Thursday 23rd February 2017

The Field Storm Doris  

A return to homage of Goya.


Strangers or Cowherds one with a Red Nose.

Fight with Cudgels called The Strangers or Cowherds in the inventories, is the name given to a painting by Spanish artist Francisco Goya, now in the Museo del Prado, Madrid. One of the series of Black Paintings Goya painted directly onto the walls of his house sometime between 1820 and 1823, it depicts two men fighting one another with cudgels, as they seem to be trapped knee-deep in a quagmire of mud or sand.
According to Francisco-Xavier de Salas Bosch, Goya may have been referencing an allegory (number 75) that appears in the work by Diego de Saavedra Fajardo, the emblem book Empresas Políticos [Political Maxims], Idea de un príncipe político cristiano, which contained a hundred short essays on the education of a prince.
The allegory referred to the Greek myth of Cadmus and the dragon’s teeth. By the instructions of Athena, Cadmus sowed the dragon’s teeth in the ground, from which there sprang a race of fierce armed men, called Spartoi (“sown”). By throwing a stone among them, Cadmus caused them to fall upon one another until only five survived, who assisted him to build the Cadmea or citadel of Thebes.

Saavedra used this imagery to discuss how some rulers stir up discord in order to ultimately establish peace in their kingdoms. Goya’s use of this allegory may have referred to the policies and politics of Ferdinand VII.
In 1819, Goya purchased a house on the banks of the Manzanares near Madrid named Quinta del Sordo (“Villa of the Deaf Man”). It was a small two-story house which was named after a previous occupant who had been deaf, although Goya had also been left deaf after contracting a fever in 1792. Between 1819 and 1823, when he moved to Bordeaux, Goya produced a series of 14 works, which he painted with oils directly onto the walls of the house. Fight with Cudgels had been situated in the upper room of Quinta del Sordo.
The Black Paintings



These paintings could be read as the outpouring of a madman or a bitter artist unhinged by illness and the compounded tragedies of his life were it not for the Duel to the Death with Cudgels the most disheartening and startlingly seductive of all the black paintings. This painting is different. It seems to have been painted in the cool, rational light of day. Goya some how managed to transcend his bitterness to prove to himself that reason and discipline were still in command of his brutal deluge. In the next post we’ll try to figure out why this tragic painting is still alive and kicking — still relevant in our time.


What is all this naming of our storms and winds? Doris…Abigail are they trying to make them user friendly? ‘Name our storms’ is a pilot project between the Met Office and Met Éireann which aims to increase awareness of severe weather and ensure greater safety of the public.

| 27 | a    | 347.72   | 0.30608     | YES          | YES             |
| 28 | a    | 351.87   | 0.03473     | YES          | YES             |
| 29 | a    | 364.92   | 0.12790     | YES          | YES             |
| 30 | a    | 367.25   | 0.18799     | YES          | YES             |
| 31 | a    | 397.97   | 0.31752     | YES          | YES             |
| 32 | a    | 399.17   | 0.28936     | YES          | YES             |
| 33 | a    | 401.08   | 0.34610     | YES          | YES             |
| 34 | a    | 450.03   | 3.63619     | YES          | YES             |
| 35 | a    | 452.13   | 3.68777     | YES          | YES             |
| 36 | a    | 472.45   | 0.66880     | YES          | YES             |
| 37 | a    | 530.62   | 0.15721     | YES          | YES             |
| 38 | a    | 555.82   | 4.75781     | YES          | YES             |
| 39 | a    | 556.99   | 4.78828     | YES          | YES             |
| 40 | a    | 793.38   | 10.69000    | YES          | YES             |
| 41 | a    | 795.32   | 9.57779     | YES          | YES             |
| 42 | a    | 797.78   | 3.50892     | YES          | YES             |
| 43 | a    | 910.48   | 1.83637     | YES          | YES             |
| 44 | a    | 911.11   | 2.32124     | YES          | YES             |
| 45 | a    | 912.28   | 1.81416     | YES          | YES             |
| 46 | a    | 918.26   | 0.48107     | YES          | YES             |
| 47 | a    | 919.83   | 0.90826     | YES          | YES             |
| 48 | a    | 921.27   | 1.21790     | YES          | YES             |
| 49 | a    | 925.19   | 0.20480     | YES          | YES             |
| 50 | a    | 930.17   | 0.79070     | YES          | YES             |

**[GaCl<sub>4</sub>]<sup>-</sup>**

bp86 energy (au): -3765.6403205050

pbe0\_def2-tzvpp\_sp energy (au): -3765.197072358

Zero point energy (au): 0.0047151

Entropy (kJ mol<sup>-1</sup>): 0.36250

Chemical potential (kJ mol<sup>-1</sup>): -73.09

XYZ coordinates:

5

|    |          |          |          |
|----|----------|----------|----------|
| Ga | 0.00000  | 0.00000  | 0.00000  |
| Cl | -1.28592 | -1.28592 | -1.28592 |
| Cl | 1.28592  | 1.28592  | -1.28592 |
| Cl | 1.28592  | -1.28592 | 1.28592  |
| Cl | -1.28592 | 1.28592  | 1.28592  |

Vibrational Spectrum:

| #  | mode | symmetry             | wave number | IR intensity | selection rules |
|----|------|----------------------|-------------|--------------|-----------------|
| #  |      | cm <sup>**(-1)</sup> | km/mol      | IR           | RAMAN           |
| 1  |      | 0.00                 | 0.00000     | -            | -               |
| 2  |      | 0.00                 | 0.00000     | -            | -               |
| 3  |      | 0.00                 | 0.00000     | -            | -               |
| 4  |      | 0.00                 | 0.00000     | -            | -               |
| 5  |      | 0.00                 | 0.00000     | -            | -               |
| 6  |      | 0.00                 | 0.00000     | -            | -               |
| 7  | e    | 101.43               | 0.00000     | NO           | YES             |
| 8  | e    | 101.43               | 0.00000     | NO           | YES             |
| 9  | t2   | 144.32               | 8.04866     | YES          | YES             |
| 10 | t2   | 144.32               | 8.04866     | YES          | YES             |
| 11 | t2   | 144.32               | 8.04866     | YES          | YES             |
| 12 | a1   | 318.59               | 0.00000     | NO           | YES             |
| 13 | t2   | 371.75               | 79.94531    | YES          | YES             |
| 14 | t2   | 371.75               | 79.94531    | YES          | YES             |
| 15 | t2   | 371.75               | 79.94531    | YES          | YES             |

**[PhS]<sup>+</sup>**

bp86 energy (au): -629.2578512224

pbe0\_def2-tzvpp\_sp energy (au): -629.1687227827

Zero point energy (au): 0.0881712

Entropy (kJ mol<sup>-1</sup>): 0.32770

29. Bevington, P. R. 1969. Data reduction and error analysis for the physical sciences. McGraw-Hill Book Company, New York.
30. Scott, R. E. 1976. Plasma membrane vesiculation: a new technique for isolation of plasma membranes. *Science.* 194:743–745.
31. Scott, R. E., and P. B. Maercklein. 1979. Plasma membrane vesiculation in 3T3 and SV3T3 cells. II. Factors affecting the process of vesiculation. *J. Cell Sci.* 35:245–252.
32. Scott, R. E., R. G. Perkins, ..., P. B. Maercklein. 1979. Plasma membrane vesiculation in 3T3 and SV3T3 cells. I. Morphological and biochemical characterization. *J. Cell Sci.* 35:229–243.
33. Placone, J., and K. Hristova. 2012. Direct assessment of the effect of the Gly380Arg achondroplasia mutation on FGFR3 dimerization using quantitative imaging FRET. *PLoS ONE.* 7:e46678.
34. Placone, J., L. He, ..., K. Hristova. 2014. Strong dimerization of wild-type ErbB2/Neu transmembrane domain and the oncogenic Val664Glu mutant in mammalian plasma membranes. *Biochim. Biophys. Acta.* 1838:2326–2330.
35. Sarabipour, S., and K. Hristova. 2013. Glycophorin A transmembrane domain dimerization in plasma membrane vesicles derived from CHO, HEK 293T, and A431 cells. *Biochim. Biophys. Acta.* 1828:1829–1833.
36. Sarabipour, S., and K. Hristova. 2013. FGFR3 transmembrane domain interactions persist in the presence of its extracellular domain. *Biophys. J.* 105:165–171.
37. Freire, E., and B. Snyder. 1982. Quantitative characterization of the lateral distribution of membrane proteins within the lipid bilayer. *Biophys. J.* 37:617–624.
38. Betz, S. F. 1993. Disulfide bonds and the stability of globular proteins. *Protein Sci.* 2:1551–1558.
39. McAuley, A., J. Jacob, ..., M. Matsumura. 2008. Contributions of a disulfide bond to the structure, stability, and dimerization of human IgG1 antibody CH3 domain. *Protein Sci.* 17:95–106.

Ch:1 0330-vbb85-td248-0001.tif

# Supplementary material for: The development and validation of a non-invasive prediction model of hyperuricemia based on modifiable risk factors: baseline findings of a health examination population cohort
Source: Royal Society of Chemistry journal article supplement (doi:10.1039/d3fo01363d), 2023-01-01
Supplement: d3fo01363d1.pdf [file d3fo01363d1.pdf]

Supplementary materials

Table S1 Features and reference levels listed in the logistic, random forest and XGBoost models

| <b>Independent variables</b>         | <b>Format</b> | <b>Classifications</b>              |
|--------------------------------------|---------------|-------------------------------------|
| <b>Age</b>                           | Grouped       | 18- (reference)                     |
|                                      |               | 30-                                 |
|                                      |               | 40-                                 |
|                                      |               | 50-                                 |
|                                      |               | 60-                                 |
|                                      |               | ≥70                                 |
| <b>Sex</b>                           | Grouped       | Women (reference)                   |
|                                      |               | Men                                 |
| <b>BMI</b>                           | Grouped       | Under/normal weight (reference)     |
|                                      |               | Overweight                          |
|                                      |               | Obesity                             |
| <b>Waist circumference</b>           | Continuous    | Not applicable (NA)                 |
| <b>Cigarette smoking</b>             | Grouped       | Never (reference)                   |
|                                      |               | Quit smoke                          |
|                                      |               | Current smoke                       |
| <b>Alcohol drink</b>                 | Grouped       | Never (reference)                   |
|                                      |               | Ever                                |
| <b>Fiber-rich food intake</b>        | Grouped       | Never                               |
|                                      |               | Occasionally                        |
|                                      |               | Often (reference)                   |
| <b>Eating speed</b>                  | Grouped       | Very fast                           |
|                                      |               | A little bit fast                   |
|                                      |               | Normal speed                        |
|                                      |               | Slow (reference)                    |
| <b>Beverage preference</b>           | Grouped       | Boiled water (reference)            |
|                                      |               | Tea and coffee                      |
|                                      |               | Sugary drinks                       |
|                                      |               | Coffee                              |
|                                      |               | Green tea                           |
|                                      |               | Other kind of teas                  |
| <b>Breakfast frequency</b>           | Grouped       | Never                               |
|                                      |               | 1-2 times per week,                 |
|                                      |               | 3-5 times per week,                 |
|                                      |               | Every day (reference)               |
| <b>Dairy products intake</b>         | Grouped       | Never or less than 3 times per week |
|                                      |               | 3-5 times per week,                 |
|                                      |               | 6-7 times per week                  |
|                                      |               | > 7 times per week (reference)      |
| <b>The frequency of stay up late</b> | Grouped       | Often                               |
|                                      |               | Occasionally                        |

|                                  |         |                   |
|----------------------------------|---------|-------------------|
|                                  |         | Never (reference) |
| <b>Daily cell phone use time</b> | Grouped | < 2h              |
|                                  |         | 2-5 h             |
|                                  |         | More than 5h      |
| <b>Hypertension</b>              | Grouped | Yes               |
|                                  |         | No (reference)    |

Spurs 2 Gent 2

Spurs shot themselves in he foot again and were turfed out of the Europa League by Gent on a miserable night at Wembley for Mauricio Pochettino’s side in a game that will be remembered for Dele Alli’s horror challenge. Spurs drew 2-2 on the night, exiting 3-2 on aggregate, but their cause was not helping when Alli saw red in the 39th minute for a studs-up challenge on Brecht Dejaegere.

Needing a two-goal win to reach the next round after last week’s 1-0 reverse in Belgium, we made the perfect start with the opener on 10 minutes, Christian Eriksen streaking down the right channel and beating goalkeeper Lovre Kalinic.


But Gent hit back 10 minutes later, Harry Kane putting through his own net from a corner to give the advantage back to the visitors. And when Dele Alli was dismissed six minutes before the interval for a dangerous challenge on Brecht Dejaegere, the momentum was very much with the visitors. We gave it a real go in the second half though, scoring a deserved second through Victor Wanyama just after the hour mark and having a number of opportunities to get the all-important third goal.

However, it was the visitors who scored next through substitute Jeremy Perbet, scorer of Gent’s goal in the first leg, as they hit us on the counter. As an aside, the attendance of 80,465 at Wembley was the biggest ever crowd for a Europa League match as our fans turned out in fantastic numbers once more.


I am not sure how we didn’t win this game..Always the same for a Spurs and England fan.. Gent seemed to have the rub of every ball going for corner when it should be goal kick and many throw ins given the wrong way..Also they fell over many times to gain free kicks..Frustrating again..Poor Spurs.


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